She reported the caller to Portage police; but the officer told her police can’t do very much about it.
"If they trace (the number) back, it’s just going to be an unknown number," Lingnofski said.
They are computer-generated numbers that lead nowhere. "Right now we’re just dealing with it, Hopefully he doesn’t call back," Lingnofski said. "I don’t really know what the answer is there."
Frontier has been assisting them, as they would any customer with a problem, according to Karen Miller, communications manager for Frontier Communications.
They have a bureau set up to assist with nuisance calls, and make customers aware of the Do Not Call Registry. Overseas calls, however, are almost impossible to trace, Miller said.
"It’s a difficult situation," Miller said.
Kelly Shipley, general manager for the southern Wisconsin area for Frontier Communications, said technicians visited Our House to ensure the block ability was working. "So far, it’s been working fine," Shipley said. "We do the best we can for our customers every time we get one of these situations."
With the blocks in place, as of the end of March, they haven’t been bothered by the persistent caller, Lingnofski said. Lingnofski said she wants to let people know about what has happened to them as a learning experience and a warning.
"I just worry about people ... giving their money if they don’t have to," Lingnofski said. "If people actually would put that effort into getting a real job, think how efficient they would be."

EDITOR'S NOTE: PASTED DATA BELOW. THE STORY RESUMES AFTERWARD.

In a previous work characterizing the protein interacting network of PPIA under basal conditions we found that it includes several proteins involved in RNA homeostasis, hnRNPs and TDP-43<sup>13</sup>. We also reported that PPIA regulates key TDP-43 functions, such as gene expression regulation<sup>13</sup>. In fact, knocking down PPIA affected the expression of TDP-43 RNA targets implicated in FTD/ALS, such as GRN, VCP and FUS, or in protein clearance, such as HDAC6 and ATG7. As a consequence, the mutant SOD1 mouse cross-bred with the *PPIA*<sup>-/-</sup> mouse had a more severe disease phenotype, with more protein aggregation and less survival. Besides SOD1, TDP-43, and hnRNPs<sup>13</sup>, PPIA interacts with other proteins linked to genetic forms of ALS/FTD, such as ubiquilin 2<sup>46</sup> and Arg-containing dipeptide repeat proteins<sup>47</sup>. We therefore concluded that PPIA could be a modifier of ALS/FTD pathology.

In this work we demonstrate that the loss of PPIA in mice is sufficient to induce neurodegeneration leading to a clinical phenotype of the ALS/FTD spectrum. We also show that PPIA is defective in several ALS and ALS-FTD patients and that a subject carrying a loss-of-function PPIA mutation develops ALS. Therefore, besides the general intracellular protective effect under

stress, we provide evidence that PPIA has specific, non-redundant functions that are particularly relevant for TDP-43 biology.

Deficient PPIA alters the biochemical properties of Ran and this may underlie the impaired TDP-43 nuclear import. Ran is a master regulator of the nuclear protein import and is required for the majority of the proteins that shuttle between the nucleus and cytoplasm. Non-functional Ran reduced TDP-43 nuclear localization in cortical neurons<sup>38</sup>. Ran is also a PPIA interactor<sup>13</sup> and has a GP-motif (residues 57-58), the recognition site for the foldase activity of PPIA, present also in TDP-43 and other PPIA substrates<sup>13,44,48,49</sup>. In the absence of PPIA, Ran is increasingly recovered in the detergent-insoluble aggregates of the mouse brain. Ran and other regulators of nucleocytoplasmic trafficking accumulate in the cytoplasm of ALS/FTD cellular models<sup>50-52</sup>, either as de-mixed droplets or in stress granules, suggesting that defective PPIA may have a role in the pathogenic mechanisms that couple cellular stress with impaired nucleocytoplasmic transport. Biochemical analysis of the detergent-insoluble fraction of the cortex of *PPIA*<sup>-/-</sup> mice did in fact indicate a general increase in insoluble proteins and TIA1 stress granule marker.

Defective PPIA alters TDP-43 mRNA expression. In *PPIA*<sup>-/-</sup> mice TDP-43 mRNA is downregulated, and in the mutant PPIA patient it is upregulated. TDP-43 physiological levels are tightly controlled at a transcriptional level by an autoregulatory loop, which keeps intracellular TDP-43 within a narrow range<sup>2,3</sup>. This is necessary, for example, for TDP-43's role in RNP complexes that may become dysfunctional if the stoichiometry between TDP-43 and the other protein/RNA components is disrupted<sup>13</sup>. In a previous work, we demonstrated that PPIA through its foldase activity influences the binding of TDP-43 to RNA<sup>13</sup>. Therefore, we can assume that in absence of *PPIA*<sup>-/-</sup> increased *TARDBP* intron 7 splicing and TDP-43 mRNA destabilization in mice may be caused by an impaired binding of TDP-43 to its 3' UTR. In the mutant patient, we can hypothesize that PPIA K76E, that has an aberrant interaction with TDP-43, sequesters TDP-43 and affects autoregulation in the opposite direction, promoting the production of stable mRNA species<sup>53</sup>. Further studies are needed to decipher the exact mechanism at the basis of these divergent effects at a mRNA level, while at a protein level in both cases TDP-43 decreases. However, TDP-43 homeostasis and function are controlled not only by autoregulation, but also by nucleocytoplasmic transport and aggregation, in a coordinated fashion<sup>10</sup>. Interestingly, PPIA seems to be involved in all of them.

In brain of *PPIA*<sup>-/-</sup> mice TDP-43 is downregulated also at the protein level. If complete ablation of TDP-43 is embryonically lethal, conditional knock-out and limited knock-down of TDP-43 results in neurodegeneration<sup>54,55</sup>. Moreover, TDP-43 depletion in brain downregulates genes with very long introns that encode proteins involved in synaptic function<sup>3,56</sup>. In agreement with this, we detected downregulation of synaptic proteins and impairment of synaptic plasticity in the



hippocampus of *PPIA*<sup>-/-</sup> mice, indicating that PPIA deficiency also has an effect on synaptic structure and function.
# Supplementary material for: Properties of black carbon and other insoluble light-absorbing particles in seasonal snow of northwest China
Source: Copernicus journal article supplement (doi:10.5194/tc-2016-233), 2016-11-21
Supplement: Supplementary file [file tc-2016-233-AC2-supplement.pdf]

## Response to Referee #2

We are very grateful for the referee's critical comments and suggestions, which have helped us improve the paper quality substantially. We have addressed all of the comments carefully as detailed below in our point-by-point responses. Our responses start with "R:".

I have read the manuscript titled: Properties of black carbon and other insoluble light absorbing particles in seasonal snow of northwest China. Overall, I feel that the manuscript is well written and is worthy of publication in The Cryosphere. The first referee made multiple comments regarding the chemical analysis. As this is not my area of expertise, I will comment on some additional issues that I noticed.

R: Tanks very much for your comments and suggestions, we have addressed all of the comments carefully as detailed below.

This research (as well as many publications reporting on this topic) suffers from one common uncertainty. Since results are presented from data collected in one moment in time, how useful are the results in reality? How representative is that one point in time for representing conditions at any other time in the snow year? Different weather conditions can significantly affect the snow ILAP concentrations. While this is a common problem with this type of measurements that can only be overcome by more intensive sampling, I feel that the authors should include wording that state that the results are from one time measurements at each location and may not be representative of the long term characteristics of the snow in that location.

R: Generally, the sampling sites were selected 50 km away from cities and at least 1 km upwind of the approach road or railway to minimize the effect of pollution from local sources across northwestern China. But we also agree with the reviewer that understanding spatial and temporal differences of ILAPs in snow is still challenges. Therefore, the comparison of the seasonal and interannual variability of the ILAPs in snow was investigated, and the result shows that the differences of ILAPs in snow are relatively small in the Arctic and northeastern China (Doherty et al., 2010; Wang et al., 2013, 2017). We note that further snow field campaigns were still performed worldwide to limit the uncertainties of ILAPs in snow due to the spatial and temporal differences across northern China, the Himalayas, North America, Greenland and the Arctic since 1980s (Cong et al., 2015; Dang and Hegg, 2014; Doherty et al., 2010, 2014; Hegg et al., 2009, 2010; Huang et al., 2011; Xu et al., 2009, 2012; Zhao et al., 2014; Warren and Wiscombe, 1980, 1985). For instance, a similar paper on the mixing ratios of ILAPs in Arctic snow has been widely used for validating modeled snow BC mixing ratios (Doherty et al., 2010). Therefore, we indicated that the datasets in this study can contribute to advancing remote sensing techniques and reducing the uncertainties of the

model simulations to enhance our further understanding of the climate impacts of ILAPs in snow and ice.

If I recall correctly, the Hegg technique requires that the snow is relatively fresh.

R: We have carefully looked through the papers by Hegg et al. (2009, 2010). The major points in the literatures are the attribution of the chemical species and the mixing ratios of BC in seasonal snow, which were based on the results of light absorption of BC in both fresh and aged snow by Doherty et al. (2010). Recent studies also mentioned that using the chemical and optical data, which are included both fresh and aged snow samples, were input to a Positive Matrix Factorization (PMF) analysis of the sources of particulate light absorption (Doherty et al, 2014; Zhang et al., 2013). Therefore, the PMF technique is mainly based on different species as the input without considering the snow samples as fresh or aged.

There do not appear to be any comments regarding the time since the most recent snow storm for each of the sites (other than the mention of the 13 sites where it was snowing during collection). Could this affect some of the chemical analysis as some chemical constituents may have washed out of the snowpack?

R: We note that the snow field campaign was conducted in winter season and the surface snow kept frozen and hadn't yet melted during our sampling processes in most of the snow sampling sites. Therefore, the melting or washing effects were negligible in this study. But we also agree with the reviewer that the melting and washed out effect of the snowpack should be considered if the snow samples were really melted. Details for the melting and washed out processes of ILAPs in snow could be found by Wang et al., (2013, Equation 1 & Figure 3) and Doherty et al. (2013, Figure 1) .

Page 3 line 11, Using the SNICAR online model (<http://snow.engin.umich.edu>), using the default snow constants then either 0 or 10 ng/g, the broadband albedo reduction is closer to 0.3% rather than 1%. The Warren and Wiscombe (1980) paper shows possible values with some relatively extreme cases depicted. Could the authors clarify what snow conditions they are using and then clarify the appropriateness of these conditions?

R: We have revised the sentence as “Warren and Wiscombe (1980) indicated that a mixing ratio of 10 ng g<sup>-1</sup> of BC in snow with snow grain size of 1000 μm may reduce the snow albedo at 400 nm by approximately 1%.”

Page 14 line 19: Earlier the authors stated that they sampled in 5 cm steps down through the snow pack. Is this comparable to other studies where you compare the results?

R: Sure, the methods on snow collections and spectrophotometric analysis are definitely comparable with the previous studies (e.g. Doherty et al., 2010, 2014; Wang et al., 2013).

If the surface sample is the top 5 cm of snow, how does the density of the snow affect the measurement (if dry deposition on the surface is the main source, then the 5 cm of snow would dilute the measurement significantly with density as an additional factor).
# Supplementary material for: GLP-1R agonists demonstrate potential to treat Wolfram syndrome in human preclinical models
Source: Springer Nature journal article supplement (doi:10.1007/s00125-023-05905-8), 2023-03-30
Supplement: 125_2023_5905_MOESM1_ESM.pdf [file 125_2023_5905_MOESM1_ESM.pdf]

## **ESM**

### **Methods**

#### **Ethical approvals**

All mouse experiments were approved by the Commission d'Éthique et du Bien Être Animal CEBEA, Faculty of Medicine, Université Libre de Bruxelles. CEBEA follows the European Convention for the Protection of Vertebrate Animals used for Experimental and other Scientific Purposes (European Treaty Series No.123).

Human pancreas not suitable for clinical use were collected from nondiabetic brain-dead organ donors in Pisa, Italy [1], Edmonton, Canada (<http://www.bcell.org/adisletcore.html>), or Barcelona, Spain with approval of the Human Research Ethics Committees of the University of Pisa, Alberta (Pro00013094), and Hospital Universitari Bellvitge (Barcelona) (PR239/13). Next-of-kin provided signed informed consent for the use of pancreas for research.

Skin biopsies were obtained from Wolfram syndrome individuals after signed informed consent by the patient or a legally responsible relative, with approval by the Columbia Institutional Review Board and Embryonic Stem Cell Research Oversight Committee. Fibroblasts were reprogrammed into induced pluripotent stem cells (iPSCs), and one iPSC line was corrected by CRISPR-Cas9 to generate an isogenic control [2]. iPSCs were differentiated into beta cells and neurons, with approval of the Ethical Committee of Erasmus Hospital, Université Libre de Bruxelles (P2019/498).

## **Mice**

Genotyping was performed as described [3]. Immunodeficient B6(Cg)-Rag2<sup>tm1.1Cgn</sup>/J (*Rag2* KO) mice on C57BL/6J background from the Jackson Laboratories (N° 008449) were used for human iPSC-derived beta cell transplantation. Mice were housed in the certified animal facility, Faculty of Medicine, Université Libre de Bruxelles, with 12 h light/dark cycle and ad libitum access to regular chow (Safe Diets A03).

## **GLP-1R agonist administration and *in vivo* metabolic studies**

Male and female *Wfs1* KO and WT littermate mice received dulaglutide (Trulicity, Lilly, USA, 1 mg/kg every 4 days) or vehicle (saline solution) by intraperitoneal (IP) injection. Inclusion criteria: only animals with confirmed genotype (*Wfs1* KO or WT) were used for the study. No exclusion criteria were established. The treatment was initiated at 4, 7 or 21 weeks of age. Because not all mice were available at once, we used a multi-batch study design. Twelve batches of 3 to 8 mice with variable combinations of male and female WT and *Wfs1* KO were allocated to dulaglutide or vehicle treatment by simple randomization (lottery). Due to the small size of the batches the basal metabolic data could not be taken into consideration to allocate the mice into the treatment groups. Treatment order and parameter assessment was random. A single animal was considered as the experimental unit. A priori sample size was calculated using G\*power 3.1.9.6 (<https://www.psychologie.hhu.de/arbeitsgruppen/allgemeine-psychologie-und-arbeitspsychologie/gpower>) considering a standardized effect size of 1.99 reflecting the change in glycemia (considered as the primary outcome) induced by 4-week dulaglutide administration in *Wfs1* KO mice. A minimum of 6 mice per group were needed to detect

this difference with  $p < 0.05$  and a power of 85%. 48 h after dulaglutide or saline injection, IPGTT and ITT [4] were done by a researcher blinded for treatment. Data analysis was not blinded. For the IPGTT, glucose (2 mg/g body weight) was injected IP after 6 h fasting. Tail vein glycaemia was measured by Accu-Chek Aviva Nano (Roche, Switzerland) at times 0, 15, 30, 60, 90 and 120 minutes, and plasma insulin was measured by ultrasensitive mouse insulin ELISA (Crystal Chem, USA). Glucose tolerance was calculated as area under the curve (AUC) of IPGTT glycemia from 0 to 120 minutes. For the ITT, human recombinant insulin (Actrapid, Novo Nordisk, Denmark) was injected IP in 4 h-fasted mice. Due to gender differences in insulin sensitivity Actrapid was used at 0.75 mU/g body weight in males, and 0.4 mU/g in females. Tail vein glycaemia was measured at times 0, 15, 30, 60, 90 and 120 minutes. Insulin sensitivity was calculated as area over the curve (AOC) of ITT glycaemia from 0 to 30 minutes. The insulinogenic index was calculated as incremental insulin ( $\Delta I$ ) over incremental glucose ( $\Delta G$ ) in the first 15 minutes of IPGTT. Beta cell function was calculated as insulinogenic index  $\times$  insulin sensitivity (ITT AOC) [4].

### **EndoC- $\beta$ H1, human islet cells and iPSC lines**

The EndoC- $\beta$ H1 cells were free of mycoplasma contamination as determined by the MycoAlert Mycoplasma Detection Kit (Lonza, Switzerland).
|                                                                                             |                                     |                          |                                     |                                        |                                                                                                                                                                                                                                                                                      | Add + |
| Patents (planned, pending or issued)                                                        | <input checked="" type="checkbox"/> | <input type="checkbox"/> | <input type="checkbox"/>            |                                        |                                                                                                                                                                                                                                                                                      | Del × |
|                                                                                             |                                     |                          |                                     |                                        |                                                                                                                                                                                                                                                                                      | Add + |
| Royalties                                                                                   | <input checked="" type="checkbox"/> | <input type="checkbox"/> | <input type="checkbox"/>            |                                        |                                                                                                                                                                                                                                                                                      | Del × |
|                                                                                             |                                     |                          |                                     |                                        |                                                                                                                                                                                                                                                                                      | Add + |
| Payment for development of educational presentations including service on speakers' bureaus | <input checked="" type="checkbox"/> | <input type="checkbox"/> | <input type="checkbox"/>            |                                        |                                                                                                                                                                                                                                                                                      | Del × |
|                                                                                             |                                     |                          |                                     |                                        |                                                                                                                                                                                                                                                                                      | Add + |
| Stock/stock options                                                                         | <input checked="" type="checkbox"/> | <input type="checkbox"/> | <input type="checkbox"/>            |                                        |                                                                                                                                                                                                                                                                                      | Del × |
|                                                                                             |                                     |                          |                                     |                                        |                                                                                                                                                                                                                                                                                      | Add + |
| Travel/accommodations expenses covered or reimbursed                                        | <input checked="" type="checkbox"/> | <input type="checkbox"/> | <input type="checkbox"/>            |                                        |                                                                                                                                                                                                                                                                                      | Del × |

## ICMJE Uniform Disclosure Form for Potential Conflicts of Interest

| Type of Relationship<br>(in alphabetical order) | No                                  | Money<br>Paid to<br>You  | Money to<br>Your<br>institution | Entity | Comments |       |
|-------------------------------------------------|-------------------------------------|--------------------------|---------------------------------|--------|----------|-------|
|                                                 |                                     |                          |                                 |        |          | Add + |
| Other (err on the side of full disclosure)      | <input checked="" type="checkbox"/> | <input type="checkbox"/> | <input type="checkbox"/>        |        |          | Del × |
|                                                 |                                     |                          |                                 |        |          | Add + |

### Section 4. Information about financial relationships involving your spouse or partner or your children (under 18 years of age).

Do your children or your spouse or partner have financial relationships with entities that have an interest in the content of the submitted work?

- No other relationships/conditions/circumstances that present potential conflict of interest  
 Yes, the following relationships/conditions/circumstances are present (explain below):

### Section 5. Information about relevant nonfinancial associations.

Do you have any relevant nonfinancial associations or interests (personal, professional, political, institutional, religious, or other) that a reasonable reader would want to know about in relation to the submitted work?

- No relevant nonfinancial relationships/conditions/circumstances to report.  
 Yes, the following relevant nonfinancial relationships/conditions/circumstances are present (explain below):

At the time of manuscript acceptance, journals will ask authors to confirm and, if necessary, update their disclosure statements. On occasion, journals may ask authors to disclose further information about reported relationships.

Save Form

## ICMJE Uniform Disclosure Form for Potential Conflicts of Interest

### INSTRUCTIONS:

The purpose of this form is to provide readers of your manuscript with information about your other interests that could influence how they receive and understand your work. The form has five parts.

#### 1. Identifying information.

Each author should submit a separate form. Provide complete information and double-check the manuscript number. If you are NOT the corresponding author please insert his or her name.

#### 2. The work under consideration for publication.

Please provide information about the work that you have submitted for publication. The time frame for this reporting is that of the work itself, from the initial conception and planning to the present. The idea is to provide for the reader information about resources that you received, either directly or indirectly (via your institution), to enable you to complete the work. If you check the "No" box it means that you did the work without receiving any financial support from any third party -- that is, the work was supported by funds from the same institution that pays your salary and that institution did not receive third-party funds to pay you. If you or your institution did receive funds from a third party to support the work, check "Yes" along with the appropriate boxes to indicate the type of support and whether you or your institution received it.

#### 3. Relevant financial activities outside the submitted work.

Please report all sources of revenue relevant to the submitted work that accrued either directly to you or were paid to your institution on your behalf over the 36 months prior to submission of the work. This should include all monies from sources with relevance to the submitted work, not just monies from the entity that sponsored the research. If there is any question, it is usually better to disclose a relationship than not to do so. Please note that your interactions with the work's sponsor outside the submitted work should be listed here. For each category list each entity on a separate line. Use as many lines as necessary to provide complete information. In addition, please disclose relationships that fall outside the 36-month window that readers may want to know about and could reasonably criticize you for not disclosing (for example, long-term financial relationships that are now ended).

Lingnofski and Our House are not the only local victims of the call-barrage scam. The O’Brion Agency, a printing company in Portage, also fell victim recently, according to Mike O’Brion, one of the owners of the company.
"The person keep calling back all the time," he said. They wanted the business fax number, and became very rude when O’Brion wouldn’t give it out. Again, the target was an employee.
O’Brion asked what they wanted the fax number for, but got no answer. Hang up, and 20 seconds later, the person would call back. O’Brion would answer, not wanting it to go to voice mail, where the fax number was provided in a recording. They put the call on hold; seconds later the phone would again ring.
"It constantly went on like that for three hours," O’Brion said. "We couldn’t get them off the phone." The caller threatened to kill one of the owners, used "every swear word you can think of," and provided pornographic descriptions, according to O’Brion.